We moved to Port Townsend (our current woodsy heaven/hell) so my boyfriend could attend the Northwest School of Wooden Boat Building (which has an amazing set of programs with great teachers, supportive staff, and wonderful facilities). It has been an amazing experience for him so far. He beams daily as he tells me of the struggles and successes with wood, chainsaws, and planes. A few days ago he sent to sea the first boat he worked on from start to finish (like he and his group had a blueprint and some wood – then they drafted it and put it together into a fully-functioning, totally floatable boat). Here are pictures of the boat, finally finished, being placed in water for the first time.
In my new life, the one where I live in the woods and my better half is in school (ie we are broke) I find myself cooking more at home than ever before in my life. I cook as much as possible to avoid buying things, as in I make granola so we don’t have to buy cereal. Not only is this cheaper, and usually tastier, but it also lets me control what is going into our food. My granola has organic oats, dried cranberries, nuts, organic flax seeds, honey, and coconut oil – that’s it, no weird preservative or packing gas or additives.
I have taken to this lifestyle quite quickly, probably on account of my cheffing background – the idea of making something from scratch that will last for a while (in quantity and quality) is not foreign to me. I want to share with you the tricks I have picked up over the last several months of my domestication.
I buy lots of milk on sale (which is usually close to it’s expiration date) then I turn it into kefir or yogurt after a few days of using it. Doing this extends the life of the milk and you can still use it for pretty much everything you can use milk for (the yogurt you make will undoubtably be the thin “drinkable” kind). I use it in place of any milk product for baking (great in scones, biscuits, cornbread), eat it on my morning granola (sometimes with a slash of milk to lighten the tartness of it), or add it to smoothies. The great news is, these homemade delights have the same nutritional value as milk, with the addition of probiotics (great for immune health and easier digestion), B vitamins, and phosphorus.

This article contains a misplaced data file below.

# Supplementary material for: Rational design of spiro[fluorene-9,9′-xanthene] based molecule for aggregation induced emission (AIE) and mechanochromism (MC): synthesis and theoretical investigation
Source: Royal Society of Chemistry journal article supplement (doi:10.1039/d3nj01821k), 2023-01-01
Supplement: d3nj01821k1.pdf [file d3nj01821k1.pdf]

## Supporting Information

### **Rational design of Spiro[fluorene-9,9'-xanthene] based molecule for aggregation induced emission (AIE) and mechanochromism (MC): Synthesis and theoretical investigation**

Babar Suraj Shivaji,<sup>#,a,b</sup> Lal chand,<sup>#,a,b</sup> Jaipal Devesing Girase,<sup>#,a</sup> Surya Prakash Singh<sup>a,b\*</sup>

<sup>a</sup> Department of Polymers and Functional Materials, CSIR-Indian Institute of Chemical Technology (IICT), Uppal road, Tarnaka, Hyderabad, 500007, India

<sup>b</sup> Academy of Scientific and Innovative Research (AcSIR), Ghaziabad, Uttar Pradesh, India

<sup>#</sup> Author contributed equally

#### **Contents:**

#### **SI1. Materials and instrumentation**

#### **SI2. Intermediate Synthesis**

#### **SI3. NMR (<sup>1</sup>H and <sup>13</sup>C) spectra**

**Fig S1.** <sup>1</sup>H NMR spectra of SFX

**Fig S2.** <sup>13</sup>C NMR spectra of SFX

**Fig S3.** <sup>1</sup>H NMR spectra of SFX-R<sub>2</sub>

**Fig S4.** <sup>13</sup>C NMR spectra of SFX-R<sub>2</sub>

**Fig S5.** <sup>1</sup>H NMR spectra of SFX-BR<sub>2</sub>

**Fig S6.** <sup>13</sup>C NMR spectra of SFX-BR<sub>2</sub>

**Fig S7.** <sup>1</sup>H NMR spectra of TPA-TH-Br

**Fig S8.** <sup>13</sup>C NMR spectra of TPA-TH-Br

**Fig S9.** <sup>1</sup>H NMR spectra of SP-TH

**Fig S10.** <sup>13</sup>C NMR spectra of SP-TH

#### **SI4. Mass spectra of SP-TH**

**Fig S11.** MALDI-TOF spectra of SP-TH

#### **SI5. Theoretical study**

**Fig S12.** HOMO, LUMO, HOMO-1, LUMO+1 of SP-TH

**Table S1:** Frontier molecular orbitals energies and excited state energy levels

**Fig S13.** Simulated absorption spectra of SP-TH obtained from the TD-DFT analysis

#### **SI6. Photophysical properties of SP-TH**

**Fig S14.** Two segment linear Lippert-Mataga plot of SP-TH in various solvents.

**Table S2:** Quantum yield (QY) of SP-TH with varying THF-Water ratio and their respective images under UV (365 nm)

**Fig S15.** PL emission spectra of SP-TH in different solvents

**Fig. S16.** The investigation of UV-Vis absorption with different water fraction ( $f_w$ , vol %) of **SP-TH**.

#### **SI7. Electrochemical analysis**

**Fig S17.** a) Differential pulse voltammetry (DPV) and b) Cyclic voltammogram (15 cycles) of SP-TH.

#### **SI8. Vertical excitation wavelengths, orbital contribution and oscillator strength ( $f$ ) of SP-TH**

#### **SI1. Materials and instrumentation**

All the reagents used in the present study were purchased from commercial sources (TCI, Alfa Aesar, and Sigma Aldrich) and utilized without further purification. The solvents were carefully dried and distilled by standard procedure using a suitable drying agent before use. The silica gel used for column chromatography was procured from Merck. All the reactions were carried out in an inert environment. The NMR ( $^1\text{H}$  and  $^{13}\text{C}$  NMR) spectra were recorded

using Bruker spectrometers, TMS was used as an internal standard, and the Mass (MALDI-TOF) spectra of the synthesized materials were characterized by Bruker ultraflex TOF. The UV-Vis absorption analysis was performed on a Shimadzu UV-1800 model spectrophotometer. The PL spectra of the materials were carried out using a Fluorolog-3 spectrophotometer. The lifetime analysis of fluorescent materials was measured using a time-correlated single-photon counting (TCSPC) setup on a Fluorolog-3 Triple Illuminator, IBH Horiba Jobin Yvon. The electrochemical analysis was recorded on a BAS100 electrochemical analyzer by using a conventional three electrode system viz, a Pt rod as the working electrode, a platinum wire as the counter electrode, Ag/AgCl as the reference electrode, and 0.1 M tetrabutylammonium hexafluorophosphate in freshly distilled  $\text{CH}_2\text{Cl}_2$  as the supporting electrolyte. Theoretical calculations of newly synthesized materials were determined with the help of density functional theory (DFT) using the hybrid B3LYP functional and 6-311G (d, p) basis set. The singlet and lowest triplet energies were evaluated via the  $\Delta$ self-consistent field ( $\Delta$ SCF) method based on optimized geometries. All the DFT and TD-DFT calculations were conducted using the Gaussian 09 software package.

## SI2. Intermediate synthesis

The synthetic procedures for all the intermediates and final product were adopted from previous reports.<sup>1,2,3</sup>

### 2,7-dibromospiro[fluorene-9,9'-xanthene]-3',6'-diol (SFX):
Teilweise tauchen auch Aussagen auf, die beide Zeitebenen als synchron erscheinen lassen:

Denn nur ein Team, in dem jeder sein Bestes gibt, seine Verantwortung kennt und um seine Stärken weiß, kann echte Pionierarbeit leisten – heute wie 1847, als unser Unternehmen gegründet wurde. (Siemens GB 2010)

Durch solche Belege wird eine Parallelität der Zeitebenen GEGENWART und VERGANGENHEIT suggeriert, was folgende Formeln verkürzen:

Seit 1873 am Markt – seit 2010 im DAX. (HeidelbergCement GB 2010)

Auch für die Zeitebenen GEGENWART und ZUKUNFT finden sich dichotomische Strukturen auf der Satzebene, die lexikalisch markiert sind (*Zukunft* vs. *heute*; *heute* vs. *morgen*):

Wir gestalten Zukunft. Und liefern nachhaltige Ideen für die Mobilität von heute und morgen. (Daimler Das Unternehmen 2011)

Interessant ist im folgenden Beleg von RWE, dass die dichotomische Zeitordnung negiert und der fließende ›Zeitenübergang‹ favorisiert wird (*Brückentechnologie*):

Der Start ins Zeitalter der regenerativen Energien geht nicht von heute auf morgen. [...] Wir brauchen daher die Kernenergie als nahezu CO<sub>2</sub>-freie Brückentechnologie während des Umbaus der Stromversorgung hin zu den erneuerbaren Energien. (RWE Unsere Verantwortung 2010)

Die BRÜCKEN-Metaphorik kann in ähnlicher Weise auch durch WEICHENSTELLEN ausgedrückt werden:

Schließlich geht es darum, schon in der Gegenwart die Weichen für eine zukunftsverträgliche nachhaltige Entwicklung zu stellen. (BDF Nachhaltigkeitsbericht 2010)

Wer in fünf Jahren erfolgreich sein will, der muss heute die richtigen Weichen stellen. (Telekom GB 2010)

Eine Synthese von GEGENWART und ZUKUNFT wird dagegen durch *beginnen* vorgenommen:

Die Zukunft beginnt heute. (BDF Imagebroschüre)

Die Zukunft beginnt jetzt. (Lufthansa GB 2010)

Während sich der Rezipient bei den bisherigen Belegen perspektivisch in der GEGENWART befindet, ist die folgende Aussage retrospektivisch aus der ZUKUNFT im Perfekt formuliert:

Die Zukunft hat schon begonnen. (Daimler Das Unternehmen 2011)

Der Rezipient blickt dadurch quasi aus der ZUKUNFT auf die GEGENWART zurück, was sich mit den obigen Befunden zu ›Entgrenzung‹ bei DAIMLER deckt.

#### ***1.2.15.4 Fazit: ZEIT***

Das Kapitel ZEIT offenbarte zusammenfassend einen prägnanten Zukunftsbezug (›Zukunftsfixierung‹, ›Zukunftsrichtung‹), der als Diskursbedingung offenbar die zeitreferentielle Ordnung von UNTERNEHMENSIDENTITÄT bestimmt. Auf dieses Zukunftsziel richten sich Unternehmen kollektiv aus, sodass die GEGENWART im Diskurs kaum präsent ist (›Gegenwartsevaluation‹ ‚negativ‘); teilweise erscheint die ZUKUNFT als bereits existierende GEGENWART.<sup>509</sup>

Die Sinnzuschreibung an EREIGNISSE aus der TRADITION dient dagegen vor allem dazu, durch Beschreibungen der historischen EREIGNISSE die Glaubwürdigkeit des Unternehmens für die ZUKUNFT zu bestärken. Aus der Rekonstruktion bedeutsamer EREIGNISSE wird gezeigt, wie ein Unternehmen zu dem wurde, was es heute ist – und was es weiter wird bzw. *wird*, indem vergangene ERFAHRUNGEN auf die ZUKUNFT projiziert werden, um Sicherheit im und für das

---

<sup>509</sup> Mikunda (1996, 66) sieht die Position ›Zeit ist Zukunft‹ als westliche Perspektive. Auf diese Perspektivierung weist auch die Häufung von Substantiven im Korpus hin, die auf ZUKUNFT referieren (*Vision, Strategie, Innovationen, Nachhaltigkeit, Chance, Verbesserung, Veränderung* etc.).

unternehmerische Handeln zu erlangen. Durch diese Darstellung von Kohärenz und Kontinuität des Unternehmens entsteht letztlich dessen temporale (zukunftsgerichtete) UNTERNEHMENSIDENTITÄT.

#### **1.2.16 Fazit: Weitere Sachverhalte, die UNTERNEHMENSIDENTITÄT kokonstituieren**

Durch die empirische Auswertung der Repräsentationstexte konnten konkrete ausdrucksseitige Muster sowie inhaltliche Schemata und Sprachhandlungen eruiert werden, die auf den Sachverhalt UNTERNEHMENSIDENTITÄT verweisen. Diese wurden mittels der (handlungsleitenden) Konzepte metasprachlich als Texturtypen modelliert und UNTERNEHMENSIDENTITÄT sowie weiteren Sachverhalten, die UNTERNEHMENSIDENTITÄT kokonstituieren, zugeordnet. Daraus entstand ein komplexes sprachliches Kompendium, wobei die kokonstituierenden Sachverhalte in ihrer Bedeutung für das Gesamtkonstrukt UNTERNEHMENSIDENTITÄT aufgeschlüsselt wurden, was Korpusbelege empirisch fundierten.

I buy all our beans dried. Canned beans are not only packed with salt and weird preservatives and other CRAP, but they usually have such a miserable texture, too. You don’t have to soak your beans if you don’t want to, just set them to boil and cook them until done – better yet, get acquainted with a pressure cooker. I like to cook lots of beans at one time and then freeze what I don’t use in small ziplock bags, that way I can just pull out a bag of chickpeas whenever I want to make hummus or a bag of kidney beans when I want to make red beans and rice.
Making granola instead of buying cereal. Holy smokes cereal is SO expensive. Granola is easy and relatively cheap to make – and much better for you than most of the cereals out there. (I am working on a granola/granola bar blog post.)
Don’t buy things in boxes: make your own crackers (they last for a really long time!), make your own cookies (it literally take 15 minutes to put the dough together), make your own granola bars!, make your own mac’n’cheese, make your own stock, and definitely don’t say to yourself “It’s too expensive/time-consuming/hard” because if it is nominally more expensive, it is MUCH better for you and your family – if it takes a little longer, then think about how this can become family bonding time (you can even still watch your favorite shows while you do it) – and everything is hard the first time, the more you do it the easier it becomes and the faster you get at it.
Think before you shop and cook. Plan at least some (if not all) of your meals ahead, to stop yourself from buying frivolous or unnecessary foods. I usually plan my meals for the week around the protein or a theme, like : Thursday we have that pork roast, so I’ll need sides for that & Friday I want to make Mexican, how about cheese enchiladas & etc. Think of how your ingredients can work from one meal to another – you have a lot of rice leftover from Mexican night, then make chicken and rice soup with that chicken stock you have in the freezer. Planning is really the key to saving money and your mind! Get everyone involved, have fun with it. (Check out my meal planning post!)